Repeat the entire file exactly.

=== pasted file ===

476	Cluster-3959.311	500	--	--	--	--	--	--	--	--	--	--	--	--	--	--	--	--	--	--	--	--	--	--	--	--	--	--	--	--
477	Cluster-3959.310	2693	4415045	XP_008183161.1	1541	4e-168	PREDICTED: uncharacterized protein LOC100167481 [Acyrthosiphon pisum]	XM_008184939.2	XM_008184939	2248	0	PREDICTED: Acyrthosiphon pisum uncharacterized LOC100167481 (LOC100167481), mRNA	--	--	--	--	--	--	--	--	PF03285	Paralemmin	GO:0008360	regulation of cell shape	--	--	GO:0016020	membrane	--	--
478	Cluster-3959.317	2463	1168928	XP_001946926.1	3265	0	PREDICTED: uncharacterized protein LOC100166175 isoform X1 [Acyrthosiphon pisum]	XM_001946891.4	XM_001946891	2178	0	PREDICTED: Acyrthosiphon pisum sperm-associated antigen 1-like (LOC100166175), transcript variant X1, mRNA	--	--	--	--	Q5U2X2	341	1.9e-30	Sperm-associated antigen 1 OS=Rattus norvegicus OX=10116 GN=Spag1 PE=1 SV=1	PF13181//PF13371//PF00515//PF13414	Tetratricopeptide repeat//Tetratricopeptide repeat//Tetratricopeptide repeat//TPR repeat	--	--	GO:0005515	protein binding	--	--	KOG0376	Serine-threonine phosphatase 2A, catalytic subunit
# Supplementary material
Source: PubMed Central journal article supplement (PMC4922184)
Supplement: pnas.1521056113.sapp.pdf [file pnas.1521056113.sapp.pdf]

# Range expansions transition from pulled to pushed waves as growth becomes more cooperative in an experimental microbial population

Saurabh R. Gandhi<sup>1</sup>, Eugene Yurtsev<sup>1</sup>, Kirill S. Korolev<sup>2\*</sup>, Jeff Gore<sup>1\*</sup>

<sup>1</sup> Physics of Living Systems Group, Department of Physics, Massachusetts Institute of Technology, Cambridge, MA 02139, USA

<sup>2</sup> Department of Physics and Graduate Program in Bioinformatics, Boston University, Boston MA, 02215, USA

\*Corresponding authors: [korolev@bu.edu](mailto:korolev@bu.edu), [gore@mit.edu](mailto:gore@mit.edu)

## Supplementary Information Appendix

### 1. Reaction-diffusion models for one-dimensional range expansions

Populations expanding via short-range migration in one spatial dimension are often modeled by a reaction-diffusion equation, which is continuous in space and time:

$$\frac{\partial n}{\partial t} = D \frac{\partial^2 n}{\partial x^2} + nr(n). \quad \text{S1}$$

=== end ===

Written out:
476	Cluster-3959.311	500	--	--	--	--	--	--	--	--	--	--	--	--	--	--	--	--	--	--	--	--	--	--	--	--	--	--	--	--
477	Cluster-3959.310	2693	4415045	XP_008183161.1	1541	4e-168	PREDICTED: uncharacterized protein LOC100167481 [Acyrthosiphon pisum]	XM_008184939.2	XM_008184939	2248	0	PREDICTED: Acyrthosiphon pisum uncharacterized LOC100167481 (LOC100167481), mRNA	--	--	--	--	--	--	--	--	PF03285	Paralemmin	GO:0008360	regulation of cell shape	--	--	GO:0016020	membrane	--	--
478	Cluster-3959.317	2463	1168928	XP_001946926.1	3265	0	PREDICTED: uncharacterized protein LOC100166175 isoform X1 [Acyrthosiphon pisum]	XM_001946891.4	XM_001946891	2178	0	PREDICTED: Acyrthosiphon pisum sperm-associated antigen 1-like (LOC100166175), transcript variant X1, mRNA	--	--	--	--	Q5U2X2	341	1.9e-30	Sperm-associated antigen 1 OS=Rattus norvegicus OX=10116 GN=Spag1 PE=1 SV=1	PF13181//PF13371//PF00515//PF13414	Tetratricopeptide repeat//Tetratricopeptide repeat//Tetratricopeptide repeat//TPR repeat	--	--	GO:0005515	protein binding	--	--	KOG0376	Serine-threonine phosphatase 2A, catalytic subunit
# Supplementary material
Source: PubMed Central journal article supplement (PMC4922184)
Supplement: pnas.1521056113.sapp.pdf [file pnas.1521056113.sapp.pdf]

# Range expansions transition from pulled to pushed waves as growth becomes more cooperative in an experimental microbial population

Saurabh R. Gandhi<sup>1</sup>, Eugene Yurtsev<sup>1</sup>, Kirill S. Korolev<sup>2\*</sup>, Jeff Gore<sup>1\*</sup>

<sup>1</sup> Physics of Living Systems Group, Department of Physics, Massachusetts Institute of Technology, Cambridge, MA 02139, USA

<sup>2</sup> Department of Physics and Graduate Program in Bioinformatics, Boston University, Boston MA, 02215, USA

\*Corresponding authors: [korolev@bu.edu](mailto:korolev@bu.edu), [gore@mit.edu](mailto:gore@mit.edu)

## Supplementary Information Appendix

### 1. Reaction-diffusion models for one-dimensional range expansions

Populations expanding via short-range migration in one spatial dimension are often modeled by a reaction-diffusion equation, which is continuous in space and time:

$$\frac{\partial n}{\partial t} = D \frac{\partial^2 n}{\partial x^2} + nr(n). \quad \text{S1}$$